Football Australia’s Female Football Week 2021 concludes on International Women’s Day on Monday March 8, following the release of Football Australia’s FIFA Women’s World Cup 2023 Legacy ‘23 plan at Parliament House in Canberra last week. It aims to deliver immediate and long-term community benefits and economic impact from Australia’s co-hosting of the FIFA Women’s World Cup 2023 – the biggest sporting event on Australian soil since the Sydney 2000 Olympics.

“Female Football Week 2021 is as important as ever given the stated and sharp focus that Football Australia has on women’s football and the development of women and girls in football,” Football Australia CEO James Johnson said.

“Many of our initiatives throughout the coming week are aligned with key measures in our XI Principles for the future of Australian football and support our efforts to demonstrate to stakeholders the importance of creating a more supportive and inclusive environment for women and girls in football in Australia.

“Football Australia is targeting continued growth and 50:50 gender balance in participation by 2027. We believe Female Football Week provides the game with the platform to accelerate growth and achieve that target by recognising the important role women, together with men, play in delivering women’s football, and by showcasing that football is an inclusive and welcoming sport for women and girls from all communities, ages and abilities.”

Female Football Week 2021 content will be accessible on Football Australia’s digital and social channels.

“Over the next week the Female Football Week campaign aims to provide the community with the platform to celebrate the achievements of players, coaches, administrators and officials,” Sarah Walsh said, Football Australia’s Head of Women’s Football, Women’s World Cup Legacy & Inclusion.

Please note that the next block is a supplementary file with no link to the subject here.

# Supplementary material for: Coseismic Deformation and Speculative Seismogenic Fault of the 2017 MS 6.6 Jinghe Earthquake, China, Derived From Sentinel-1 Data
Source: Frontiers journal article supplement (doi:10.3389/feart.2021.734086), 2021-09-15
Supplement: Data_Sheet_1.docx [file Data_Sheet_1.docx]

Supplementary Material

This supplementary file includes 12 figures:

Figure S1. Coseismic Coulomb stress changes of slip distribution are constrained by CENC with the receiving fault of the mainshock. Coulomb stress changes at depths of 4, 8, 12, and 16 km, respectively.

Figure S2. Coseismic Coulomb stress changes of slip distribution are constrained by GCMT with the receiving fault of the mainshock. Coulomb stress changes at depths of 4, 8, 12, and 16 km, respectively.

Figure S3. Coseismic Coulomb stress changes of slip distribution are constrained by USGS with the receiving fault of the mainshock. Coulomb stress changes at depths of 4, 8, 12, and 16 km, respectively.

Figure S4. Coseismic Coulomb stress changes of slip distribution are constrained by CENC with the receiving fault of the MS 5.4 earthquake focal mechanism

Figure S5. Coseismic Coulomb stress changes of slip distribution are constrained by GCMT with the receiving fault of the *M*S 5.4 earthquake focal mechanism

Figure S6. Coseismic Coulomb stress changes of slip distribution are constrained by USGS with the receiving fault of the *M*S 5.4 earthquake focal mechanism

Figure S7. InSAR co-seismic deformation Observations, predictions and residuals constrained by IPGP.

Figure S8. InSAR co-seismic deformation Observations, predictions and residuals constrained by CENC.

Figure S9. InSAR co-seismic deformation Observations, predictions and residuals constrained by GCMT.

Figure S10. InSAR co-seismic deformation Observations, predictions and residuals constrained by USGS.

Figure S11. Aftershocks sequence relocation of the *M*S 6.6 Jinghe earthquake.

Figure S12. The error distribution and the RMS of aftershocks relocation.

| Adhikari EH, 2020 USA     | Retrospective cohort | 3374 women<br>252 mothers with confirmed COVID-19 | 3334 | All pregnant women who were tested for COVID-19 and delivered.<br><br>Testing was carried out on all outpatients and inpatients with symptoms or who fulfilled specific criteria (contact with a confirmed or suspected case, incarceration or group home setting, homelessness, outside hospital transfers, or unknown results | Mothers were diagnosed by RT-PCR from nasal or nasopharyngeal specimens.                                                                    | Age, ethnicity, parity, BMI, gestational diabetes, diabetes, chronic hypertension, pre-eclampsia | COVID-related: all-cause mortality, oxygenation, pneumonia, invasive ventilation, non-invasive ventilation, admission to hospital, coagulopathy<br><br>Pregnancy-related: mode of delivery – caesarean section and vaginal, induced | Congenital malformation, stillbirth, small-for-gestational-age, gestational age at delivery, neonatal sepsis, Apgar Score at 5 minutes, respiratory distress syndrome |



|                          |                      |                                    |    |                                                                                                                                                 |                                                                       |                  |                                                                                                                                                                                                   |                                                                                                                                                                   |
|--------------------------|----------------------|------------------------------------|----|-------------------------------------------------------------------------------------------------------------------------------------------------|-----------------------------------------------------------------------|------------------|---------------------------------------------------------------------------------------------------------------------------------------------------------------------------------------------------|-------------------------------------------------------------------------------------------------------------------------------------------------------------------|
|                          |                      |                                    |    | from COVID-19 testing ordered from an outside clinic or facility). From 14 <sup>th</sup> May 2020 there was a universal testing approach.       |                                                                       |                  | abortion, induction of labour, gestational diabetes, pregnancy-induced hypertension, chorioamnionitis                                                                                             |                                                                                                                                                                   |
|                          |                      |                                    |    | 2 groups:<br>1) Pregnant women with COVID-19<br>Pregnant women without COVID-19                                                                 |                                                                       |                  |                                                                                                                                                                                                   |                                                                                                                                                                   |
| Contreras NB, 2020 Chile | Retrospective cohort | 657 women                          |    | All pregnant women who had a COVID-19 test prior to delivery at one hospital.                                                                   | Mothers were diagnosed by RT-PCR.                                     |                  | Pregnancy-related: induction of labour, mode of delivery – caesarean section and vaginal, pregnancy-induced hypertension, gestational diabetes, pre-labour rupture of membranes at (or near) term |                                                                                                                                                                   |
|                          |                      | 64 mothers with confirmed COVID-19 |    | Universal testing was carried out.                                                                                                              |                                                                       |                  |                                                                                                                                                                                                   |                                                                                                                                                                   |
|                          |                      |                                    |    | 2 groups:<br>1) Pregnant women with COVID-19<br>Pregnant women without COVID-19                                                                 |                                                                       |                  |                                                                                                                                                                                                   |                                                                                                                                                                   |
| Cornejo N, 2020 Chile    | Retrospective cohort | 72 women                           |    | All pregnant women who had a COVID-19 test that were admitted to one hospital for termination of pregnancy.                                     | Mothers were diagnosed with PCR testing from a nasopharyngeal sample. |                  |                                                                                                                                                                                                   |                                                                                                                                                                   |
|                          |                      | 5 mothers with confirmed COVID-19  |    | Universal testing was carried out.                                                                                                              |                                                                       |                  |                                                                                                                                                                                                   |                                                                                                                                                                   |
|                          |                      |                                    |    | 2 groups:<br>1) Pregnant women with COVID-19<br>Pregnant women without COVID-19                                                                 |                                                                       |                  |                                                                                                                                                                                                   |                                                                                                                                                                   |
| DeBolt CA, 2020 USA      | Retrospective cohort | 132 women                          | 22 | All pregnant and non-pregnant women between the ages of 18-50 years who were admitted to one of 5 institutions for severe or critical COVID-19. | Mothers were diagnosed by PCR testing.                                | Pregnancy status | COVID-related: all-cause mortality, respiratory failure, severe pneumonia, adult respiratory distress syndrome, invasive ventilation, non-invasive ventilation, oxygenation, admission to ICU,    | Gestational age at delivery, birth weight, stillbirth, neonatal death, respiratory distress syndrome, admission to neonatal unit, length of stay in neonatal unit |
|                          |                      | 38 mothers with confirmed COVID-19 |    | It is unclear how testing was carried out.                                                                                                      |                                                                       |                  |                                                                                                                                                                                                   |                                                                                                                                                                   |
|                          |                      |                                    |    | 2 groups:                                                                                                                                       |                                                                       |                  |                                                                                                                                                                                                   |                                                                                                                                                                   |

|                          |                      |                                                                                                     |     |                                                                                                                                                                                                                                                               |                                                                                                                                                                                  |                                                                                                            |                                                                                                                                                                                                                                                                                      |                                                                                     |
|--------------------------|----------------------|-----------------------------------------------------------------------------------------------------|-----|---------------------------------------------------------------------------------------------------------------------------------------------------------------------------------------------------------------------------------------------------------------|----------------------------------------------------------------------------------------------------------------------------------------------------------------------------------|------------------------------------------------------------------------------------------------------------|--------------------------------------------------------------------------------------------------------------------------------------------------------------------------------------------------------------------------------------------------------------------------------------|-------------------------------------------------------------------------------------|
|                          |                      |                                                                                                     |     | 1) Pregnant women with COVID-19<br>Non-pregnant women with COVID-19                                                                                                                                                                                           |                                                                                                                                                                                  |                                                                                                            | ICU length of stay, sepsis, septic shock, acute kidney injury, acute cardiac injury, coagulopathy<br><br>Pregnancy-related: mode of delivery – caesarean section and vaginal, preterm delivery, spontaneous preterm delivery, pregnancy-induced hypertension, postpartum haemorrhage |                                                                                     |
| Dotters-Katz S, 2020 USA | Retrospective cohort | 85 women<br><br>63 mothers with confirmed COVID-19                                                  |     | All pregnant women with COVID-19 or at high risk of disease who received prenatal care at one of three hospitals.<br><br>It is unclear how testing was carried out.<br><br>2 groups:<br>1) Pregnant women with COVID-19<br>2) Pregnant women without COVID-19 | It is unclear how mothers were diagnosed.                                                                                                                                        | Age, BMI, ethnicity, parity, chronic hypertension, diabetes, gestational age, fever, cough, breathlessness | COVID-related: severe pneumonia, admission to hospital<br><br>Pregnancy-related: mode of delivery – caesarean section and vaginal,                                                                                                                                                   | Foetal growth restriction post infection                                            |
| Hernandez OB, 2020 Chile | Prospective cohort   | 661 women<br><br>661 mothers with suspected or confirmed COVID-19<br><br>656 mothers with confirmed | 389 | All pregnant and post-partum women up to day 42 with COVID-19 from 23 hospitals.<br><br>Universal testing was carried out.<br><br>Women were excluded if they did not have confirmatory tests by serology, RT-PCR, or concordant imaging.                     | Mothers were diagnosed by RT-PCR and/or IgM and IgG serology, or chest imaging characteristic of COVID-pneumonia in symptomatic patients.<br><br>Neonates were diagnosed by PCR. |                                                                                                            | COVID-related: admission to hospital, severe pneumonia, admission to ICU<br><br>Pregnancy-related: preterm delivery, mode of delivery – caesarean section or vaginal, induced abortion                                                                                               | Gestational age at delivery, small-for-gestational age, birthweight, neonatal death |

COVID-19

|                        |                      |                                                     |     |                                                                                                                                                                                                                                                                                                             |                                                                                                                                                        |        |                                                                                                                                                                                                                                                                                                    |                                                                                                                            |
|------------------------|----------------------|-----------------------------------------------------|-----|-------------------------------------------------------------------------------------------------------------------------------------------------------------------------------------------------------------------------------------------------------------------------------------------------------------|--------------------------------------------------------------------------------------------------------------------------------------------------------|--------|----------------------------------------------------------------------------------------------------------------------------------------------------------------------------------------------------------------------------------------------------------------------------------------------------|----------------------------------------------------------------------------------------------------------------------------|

“Excitingly, Female Football Week 2021 will conclude with three online panels to celebrate International Women’s Day and Female Football Week 2021.”

The panels are hosted by Stephanie Brantz, focusing on leadership and development in the modern era. They feature international and domestic executives, coaches and match officials.

The executive panel will feature Sarai Bareman, Chief of Women’s Football at FIFA, Karina LeBlanc, Head of Women’s Football at CONCACAF, Amanda Vandervort, Chief Women’s Football Officer at FIFPRO, and James Johnson and Sarah Walsh from Football Australia.

The coaching panel will feature Emma Hayes, Head Coach of Chelsea FC Women, Tony Gustavsson, Head Coach of the Westfield Matildas, and Mel Andreatta, Assistant Coach of the Westfield Matildas.

And the match officials panel currently features Kari Seitz, FIFA Head of Refereeing – Women, Kate Jacewicz, FIFA & Football Australia Referee, and Esfandiar Baharmast, former FIFA Referee and FIFA Referee Instructor.